Installing Dual Gate MOSFETS
The following tutorial explains how to work with the new crop of high performance Dual Gate MOSFET's that come in the Surface Mount Package. These marvelous semi-conductors are amazing and formerly were through hole devices that had all but disappeared from the scene. Philips (NXP) has an extensive line of these devices and they are inexpensive ranging down to as low as 17 Cents for the reverse model and 40 Cents for the standard. The terms standard and reverse refer to the arrangement of the pin outs.
We now have the devices and if one is not into designing special PC Boards how in the world do you take advantage of this "recycled" technology? In the future an article will appear in publication that describes a Dual Gate MOSFET 40M Direct Conversion Receiver. In a Part II a companion transmitter is unveiled. The heart of these two projects are Dual Gate MOSFETs. Thus the challenge is how to use these devices without creating special PC Boards. Shown below is the receiver.
Three methods are presented in this tutorial and all have been successfully employed on my project. Common tools such as a small steel ruler, an "exacto" type knife, a 0.5MM "Pentel' type mechanical pencil with HB lead, a fine point "Sharpie" felt tipped pen, and a small roll of 3M type paint masking tape are all the tools required to prepare the boards. When it comes time to install the surface mount devices you will need a headband magnifier, a grounded temperature controlled soldering iron with a fine tip, a roll of silver bearing solder (Radio Shack P/N 64-013), a small metal type cookie sheet (10 X 15 inches) and a sheet of white typing paper. Oh yes and a pair of fine point tweezers.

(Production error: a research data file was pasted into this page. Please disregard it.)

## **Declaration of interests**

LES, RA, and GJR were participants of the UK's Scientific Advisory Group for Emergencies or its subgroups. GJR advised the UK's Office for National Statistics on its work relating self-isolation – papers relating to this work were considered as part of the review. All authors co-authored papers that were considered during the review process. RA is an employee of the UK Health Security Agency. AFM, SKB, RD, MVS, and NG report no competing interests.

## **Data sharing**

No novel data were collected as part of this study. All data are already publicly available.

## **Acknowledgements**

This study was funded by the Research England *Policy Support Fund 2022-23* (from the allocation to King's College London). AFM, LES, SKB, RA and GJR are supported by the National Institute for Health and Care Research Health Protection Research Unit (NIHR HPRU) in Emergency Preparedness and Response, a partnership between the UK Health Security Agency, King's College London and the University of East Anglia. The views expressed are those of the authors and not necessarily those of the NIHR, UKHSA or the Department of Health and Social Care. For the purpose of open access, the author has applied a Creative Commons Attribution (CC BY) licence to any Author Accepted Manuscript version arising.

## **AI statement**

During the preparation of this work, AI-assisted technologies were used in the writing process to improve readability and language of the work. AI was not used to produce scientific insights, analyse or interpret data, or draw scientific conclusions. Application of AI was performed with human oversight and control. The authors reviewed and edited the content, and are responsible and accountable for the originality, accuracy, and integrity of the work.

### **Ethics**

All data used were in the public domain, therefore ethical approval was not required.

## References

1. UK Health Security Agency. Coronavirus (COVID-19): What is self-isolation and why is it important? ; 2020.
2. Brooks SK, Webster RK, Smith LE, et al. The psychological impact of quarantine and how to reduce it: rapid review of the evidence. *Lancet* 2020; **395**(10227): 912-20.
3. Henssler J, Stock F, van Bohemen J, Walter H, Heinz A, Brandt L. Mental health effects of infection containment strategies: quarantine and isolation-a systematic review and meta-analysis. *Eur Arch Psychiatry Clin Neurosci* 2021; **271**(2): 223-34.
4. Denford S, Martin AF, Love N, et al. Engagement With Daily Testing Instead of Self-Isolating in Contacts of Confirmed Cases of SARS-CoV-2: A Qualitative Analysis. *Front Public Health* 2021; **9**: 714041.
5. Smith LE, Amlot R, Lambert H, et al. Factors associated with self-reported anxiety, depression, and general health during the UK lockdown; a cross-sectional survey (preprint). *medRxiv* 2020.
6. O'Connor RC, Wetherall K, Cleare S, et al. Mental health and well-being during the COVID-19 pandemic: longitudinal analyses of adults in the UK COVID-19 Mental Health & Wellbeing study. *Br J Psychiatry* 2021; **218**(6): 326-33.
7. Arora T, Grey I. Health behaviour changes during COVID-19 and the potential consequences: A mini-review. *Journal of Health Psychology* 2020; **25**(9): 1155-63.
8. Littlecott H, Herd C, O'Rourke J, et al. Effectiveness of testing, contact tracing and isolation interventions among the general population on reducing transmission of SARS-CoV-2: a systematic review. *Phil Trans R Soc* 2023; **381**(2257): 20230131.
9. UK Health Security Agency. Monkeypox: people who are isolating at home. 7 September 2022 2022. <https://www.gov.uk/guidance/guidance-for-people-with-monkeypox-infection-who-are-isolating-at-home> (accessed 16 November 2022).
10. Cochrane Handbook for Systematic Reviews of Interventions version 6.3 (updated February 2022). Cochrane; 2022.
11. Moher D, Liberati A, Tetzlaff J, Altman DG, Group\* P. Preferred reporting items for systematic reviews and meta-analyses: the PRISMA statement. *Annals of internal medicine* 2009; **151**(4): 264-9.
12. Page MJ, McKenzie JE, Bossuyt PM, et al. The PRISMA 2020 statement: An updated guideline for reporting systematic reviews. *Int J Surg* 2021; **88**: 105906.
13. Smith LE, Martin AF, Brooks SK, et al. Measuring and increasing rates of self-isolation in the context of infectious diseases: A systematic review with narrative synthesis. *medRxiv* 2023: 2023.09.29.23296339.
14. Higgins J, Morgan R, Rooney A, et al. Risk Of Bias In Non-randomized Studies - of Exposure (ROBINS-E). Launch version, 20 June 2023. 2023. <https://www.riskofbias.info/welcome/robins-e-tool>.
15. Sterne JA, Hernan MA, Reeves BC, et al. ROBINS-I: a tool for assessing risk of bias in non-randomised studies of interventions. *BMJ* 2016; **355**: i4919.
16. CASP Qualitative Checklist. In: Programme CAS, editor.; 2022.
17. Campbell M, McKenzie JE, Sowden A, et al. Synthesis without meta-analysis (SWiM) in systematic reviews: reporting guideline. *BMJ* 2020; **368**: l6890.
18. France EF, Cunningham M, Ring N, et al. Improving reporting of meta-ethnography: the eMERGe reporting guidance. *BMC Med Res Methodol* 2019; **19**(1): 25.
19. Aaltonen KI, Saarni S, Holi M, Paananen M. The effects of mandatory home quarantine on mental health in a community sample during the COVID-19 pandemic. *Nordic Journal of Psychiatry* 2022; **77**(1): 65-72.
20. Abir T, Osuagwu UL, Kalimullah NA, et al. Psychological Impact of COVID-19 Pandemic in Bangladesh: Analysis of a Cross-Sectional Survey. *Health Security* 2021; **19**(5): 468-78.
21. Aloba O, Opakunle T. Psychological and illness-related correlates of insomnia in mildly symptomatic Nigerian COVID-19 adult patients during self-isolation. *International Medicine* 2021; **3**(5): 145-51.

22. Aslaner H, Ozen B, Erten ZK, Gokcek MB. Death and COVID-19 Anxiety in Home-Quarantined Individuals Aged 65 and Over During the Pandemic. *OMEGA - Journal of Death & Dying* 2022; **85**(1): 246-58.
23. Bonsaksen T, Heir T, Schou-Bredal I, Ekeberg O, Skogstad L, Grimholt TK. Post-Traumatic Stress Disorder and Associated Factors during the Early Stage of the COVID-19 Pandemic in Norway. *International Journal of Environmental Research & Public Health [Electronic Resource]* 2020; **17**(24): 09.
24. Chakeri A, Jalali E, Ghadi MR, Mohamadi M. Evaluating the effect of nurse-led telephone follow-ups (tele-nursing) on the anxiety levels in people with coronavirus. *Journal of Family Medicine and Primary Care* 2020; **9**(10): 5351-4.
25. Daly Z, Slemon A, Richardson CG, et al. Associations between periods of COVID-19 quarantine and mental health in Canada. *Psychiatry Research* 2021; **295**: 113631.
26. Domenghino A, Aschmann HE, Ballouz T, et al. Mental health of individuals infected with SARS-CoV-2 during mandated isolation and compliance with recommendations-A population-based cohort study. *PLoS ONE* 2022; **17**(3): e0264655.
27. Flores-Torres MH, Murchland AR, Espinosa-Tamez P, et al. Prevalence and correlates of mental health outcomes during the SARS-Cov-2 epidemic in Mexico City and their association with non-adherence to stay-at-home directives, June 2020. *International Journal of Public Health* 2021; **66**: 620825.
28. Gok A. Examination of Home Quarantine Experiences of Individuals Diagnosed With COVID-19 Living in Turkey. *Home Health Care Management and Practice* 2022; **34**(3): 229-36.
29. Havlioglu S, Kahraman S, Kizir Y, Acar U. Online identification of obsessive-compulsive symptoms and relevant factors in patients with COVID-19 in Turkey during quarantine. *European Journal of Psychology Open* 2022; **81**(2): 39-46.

The Three Methods
Actually one method involves the use of a 4 pin machined pin transistor socket that can be installed on either a piece of single sided copper vector board or on a piece of single sided copper PC Board where small square islands are carved into the board. The second and third methods involve carving out mounting pads on either the vector board or PC Board. There are advantages and disadvantages to all of the methods and in certain cases one particular approach is the best.